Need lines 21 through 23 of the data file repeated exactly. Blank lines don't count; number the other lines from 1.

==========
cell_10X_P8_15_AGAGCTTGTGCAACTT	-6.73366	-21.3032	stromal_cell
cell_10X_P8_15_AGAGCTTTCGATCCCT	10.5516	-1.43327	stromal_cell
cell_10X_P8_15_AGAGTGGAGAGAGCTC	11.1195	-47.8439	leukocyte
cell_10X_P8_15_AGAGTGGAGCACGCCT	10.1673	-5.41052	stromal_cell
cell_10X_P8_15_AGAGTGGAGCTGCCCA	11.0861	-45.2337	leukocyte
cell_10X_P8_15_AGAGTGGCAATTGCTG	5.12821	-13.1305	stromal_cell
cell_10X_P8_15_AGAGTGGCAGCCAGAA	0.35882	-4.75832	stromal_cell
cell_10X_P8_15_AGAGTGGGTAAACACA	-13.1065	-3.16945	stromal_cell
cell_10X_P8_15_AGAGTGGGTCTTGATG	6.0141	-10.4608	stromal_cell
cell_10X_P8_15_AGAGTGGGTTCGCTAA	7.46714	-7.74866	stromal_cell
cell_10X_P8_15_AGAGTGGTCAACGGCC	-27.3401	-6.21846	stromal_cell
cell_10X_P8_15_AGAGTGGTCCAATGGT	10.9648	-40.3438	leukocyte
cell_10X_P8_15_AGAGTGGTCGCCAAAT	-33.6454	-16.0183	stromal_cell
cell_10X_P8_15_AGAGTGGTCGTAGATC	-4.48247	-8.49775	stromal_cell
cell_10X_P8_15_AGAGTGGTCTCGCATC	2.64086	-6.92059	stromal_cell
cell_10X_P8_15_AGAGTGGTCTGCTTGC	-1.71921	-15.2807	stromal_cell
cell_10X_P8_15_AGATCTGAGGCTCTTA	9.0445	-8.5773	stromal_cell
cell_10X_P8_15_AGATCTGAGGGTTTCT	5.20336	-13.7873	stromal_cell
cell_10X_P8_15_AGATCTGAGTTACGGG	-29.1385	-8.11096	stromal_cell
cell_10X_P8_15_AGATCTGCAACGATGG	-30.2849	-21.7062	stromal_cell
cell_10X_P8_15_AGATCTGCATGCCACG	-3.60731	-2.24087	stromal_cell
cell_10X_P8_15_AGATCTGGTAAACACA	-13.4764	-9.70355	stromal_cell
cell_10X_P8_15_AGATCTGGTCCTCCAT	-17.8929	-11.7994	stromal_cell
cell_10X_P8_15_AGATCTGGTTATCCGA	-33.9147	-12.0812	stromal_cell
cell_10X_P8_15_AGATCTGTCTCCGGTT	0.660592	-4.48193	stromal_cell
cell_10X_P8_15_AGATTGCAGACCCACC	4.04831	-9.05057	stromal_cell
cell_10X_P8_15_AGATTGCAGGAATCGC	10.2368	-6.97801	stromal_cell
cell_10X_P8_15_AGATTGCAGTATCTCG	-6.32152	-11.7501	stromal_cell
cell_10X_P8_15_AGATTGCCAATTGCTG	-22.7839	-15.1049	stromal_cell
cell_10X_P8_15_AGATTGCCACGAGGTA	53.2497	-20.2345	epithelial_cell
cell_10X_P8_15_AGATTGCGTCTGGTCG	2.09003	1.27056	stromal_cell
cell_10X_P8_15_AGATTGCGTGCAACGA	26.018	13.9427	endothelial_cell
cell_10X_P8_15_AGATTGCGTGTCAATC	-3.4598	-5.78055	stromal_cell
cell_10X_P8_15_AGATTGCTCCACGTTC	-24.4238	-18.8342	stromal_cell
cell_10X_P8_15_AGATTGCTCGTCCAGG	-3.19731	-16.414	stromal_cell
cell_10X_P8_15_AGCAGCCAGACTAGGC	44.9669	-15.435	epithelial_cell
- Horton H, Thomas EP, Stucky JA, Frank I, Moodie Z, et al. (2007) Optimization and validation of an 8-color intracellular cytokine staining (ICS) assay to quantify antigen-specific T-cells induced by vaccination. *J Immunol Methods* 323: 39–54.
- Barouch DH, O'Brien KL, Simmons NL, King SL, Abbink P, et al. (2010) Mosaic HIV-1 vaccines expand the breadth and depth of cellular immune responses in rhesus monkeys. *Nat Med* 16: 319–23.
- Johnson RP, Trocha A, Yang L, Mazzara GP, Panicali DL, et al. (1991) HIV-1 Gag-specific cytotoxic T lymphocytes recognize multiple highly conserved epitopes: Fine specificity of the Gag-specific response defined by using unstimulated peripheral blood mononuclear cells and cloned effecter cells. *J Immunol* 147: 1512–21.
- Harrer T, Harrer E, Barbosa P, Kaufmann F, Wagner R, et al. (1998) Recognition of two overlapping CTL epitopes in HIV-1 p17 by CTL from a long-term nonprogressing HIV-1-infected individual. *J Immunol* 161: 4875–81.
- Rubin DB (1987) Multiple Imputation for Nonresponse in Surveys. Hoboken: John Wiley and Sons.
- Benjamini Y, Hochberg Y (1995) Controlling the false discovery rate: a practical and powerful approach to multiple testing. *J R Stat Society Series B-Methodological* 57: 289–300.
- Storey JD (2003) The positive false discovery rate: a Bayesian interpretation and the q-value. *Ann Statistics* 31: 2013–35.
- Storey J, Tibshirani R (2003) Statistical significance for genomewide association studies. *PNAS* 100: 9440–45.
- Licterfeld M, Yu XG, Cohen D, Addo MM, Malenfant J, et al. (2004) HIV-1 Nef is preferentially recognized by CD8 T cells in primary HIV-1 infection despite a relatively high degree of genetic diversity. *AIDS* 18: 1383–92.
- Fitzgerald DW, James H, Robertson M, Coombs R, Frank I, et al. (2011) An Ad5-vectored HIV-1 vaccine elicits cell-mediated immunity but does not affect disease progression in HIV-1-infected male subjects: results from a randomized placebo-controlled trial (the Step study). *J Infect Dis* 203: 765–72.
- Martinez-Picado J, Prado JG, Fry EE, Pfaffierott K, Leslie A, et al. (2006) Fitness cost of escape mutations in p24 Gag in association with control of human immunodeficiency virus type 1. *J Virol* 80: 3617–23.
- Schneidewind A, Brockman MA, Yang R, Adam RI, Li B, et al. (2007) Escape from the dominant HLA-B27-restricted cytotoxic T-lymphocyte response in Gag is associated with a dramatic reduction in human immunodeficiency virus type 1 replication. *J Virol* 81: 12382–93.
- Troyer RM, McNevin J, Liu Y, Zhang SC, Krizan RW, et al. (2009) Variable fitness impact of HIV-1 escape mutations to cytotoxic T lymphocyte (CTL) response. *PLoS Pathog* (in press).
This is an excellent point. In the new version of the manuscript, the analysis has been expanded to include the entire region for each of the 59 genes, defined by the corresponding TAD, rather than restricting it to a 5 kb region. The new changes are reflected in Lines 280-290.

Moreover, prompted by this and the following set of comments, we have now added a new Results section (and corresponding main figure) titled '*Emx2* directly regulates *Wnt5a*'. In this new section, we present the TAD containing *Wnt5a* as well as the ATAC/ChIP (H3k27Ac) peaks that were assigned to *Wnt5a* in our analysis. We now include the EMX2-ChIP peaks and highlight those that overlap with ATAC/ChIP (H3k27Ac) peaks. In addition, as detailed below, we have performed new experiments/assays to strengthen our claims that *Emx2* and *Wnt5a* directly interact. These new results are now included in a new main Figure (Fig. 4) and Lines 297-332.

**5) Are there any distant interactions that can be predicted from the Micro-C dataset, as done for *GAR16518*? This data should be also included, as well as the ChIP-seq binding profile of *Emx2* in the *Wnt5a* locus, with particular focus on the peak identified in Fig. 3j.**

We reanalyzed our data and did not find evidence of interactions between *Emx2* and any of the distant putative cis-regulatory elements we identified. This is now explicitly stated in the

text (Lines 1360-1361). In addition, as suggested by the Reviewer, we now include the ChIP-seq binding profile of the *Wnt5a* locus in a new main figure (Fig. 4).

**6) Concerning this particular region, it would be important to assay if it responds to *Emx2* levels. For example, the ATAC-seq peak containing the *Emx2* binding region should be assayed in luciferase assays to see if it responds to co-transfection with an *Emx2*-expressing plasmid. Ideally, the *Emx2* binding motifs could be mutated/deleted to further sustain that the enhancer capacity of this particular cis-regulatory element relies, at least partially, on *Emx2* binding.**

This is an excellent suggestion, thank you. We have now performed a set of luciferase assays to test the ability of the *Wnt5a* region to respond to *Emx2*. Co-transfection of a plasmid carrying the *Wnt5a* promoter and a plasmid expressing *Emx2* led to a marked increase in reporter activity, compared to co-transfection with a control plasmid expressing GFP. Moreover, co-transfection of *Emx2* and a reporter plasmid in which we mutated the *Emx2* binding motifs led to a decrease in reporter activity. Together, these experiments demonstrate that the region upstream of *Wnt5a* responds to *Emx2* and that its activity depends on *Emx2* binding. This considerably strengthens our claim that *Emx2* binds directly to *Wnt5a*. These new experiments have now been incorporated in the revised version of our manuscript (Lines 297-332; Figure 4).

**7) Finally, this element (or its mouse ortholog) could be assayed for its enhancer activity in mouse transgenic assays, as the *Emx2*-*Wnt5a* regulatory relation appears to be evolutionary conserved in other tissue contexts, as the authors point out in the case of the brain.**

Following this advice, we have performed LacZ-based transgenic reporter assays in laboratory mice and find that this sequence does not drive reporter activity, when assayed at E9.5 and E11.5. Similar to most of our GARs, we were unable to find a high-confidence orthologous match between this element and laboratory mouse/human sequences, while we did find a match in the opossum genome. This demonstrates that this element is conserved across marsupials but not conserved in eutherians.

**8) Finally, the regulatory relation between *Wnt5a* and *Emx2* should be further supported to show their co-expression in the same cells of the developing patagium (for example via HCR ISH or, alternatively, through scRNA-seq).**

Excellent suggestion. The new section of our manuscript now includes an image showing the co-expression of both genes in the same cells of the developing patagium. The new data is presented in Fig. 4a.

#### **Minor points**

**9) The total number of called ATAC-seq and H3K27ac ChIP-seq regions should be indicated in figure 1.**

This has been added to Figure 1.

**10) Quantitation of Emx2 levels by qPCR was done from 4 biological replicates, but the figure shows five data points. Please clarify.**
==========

cell_10X_P8_15_AGATCTGCATGCCACG	-3.60731	-2.24087	stromal_cell
cell_10X_P8_15_AGATCTGGTAAACACA	-13.4764	-9.70355	stromal_cell
cell_10X_P8_15_AGATCTGGTCCTCCAT	-17.8929	-11.7994	stromal_cell